Salvus Master Trust calls for NEST to urgently review its policy on death benefits
- The lifting of NEST’s minimum contribution cap from £4,900 to £40,000 per annum from April 2017 could see members’ pots at risk of inheritance tax charges of up to 40%.
- Pension pots held with NEST could be classed as part of members’ estates for inheritance tax purposes.
- All other registered pension schemes are exempt from inheritance tax (IHT) on death while benefits do not form part of a member’s estate.
- Restrictions on transfers in have also been lifted, with NEST offering a rate of 0.3% annual charge and no contribution charge.
Salvus Master Trust has called on NEST, the tax-payer backed auto-enrolment scheme, to urgently review its treatment of death benefits. Under the new NEST rules, set to come into force from April 2017, members’ estates could be hit by taxes of up to 40% in the event that a member dies.
The maximum contribution cap will be lifted in April, allowing members to contribute the full annual allowance of £40,000pa. In addition, NEST will also open its doors for the first time to transfers in with a 0.3% annual charge. However, Salvus is concerned these new policies on contributions and transfers give rise to an unintended consequence of exposing NEST pension pots to IHT.
NEST was restricted in the amount of contributions it could accept as a compromise to meet anti-competition rules. NEST was set up to avoid market failure with a £460m loan facility from DWP.
Steve Goddard, the founder of Salvus Master Trust, commented:
“NEST is not a discretionary trust and death benefits paid to beneficiaries may be subject to Inheritance Tax (IHT). Virtually all occupational schemes including master trusts operate as a discretionary trust and therefore would usually pay-out death benefits IHT free.”
Whilst NEST has, until now, largely been viewed as the “workplace pension provider of last resort” for those on lower incomes and with fewer assets, the lifting of these restrictions, coupled with the fact that funds held under NEST count as part of an individual’s estate on death, means many more members could fall into the inheritance tax trap. With the potential for £40,000 contribution and unlimited transfers in from other pension benefits, built up, attracted by the market leading 0.3% annual charge and no contribution charge, there is a real concern that members or more accurately their beneficiaries could lose a significant amount of the value of their pension pot to IHT on death. Conversely, pension pots of all registered pension schemes are not usually classed as part of an individual’s estate and are therefore not subject to inheritance tax.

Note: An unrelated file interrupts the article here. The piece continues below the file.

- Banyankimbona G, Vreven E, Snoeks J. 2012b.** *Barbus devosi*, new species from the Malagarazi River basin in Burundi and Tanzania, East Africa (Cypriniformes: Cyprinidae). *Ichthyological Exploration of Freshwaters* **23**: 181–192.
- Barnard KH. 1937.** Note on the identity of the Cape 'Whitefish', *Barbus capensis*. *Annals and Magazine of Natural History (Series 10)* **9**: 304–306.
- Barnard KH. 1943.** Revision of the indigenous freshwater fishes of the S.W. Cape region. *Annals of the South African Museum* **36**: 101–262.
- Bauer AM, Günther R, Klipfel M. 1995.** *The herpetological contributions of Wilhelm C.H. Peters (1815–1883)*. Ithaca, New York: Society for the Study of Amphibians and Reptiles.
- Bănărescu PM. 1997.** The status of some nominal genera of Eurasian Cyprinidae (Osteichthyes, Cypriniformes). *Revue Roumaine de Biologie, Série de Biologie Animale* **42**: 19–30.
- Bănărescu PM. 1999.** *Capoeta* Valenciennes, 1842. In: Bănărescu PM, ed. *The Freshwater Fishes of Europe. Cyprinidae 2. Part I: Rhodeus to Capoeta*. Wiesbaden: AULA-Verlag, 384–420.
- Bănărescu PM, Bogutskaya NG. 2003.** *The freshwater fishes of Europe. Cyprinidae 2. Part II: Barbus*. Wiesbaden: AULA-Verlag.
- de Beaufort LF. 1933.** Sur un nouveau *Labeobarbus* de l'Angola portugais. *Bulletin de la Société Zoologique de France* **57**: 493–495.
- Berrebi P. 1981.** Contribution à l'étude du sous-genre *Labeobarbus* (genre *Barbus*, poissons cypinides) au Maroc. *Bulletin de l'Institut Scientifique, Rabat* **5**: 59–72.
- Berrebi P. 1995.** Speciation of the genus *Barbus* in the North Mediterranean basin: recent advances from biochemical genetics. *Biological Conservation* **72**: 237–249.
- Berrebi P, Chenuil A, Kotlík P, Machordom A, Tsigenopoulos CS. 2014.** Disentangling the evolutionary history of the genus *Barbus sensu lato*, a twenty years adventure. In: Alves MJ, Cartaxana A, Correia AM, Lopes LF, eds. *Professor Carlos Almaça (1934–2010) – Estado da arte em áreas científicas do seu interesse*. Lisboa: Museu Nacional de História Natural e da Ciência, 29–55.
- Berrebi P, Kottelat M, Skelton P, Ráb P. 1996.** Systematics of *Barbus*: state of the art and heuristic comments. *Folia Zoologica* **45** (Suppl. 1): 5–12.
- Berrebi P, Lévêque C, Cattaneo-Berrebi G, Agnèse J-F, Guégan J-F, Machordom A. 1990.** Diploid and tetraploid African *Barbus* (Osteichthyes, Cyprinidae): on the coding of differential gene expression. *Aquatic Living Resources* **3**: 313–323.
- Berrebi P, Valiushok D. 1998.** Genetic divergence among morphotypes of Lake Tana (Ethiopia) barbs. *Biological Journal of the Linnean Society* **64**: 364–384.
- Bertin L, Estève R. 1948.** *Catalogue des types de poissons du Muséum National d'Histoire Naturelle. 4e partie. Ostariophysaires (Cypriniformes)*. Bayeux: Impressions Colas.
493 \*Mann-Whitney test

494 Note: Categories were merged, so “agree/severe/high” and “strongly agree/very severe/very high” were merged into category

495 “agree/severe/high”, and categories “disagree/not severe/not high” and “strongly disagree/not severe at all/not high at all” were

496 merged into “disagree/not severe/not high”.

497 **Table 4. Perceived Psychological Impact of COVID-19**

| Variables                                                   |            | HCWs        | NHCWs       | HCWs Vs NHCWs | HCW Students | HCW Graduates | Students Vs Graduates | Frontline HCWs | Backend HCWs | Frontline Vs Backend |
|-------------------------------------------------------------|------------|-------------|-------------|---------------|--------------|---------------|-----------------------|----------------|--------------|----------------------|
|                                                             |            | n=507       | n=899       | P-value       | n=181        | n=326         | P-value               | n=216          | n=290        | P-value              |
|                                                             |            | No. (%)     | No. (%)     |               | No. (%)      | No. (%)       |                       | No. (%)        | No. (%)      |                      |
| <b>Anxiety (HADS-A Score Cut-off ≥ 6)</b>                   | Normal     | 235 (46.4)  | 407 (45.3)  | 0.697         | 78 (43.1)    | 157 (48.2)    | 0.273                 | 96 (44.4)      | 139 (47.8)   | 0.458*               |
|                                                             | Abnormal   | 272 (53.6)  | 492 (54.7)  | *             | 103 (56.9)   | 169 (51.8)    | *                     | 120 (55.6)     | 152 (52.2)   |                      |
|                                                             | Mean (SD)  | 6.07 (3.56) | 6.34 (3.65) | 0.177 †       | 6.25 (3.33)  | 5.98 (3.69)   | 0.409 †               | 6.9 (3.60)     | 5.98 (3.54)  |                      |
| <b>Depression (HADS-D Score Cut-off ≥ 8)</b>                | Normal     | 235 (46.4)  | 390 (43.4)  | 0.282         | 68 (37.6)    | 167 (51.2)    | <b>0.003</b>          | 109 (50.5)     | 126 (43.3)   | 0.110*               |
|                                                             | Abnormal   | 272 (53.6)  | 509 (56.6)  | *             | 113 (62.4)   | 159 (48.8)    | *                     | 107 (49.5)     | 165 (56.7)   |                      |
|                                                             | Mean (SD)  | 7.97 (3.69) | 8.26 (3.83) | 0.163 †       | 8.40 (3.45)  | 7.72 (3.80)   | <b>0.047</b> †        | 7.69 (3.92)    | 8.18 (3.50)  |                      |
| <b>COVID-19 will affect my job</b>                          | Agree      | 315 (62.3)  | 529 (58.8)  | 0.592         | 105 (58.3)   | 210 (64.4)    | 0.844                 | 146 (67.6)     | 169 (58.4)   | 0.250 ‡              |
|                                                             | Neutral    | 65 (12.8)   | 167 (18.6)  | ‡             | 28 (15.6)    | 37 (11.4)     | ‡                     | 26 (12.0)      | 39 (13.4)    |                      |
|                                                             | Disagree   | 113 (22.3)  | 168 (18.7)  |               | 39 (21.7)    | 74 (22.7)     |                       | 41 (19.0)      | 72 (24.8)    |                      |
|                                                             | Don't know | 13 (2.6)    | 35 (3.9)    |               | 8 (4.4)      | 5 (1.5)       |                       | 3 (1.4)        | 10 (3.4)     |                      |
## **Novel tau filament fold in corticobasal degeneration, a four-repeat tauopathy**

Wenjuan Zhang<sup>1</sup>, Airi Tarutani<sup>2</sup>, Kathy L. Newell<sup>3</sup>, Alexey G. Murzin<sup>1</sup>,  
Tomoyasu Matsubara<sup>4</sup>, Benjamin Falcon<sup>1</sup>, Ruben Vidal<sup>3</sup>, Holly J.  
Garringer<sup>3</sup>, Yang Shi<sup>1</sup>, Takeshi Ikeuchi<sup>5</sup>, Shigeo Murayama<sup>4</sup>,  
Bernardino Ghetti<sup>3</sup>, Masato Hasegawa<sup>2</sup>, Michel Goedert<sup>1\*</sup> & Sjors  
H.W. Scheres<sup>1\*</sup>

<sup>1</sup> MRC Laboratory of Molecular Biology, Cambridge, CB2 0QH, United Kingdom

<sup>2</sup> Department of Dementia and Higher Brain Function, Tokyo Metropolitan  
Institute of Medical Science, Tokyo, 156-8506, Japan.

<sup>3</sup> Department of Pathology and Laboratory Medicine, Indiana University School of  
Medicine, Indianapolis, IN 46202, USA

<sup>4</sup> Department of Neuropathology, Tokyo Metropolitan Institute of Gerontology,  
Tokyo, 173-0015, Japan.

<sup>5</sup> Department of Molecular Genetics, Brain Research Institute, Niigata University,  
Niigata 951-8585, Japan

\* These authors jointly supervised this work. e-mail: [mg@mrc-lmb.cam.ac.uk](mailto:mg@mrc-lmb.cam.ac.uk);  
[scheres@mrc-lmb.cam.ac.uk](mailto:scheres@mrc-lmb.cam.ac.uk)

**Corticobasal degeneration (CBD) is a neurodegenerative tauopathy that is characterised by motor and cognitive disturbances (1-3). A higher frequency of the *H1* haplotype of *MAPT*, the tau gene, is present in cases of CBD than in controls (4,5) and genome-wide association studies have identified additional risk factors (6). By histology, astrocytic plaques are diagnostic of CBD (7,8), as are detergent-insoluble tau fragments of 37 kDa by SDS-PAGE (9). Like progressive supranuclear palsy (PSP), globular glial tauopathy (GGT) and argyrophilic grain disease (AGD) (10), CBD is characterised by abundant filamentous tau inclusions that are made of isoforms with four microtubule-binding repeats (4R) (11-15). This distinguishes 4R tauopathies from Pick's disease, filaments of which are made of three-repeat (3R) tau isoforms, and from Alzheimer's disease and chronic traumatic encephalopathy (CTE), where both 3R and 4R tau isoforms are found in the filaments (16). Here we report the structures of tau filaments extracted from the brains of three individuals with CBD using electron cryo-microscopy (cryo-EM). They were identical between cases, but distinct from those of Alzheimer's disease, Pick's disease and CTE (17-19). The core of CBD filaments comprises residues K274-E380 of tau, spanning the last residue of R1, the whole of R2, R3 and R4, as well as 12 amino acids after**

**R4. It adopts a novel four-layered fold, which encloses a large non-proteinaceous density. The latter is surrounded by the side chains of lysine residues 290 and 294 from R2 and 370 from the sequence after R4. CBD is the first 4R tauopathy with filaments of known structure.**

According to Salvus, intermediaries, such as IFAS and accountants could also be affected by the rules. Currently, many firms routinely recommend NEST as the auto-enrolment provider of choice, given its backing by the government and policy of accepting all employers. However, the new policy means that recommending NEST may not be in the best interests of clients, potentially putting introducers in danger of legal repercussions further down the line.
Commenting, Graham Peacock, Managing Director at Salvus, said:
“As the government-backed provider of workplace pensions in the UK, it is incumbent upon NEST to ensure all its members are treated fairly. Over 200,000 employers and 3m members are already using NEST as their workplace pension. Low pension contributions have long been seen as an issue in retirement planning. Whilst it is laudable that NEST has taken steps to boost contributions and make the scheme more attractive for those with greater assets, it has opened a whole new can of worms – and it is essential this policy oversight is corrected as soon as possible.
“It is completely inappropriate that members should face inheritance tax whilst using a DWP backed workplace pension. It completely flies in the face of industry-wide efforts to create an auto-enrolment landscape that is simple, transparent and trustworthy. While the likelihood is that many within the scheme will not amass enough to come under the tax’s scope, our concern is that hard working people could take advice to transfer into NEST in good faith from finance professionals and end up considerably worse off than they might have been under another scheme. We also feel it is crucial that all those recommending Nest as a workplace pension provider of choice are made aware of this unprecedented issue as a matter of urgency, if they are not to face recriminations in the future.”
 http://resources.nao.org.uk/pensions_landscape/the-nest-loan.html (correct to March 2016)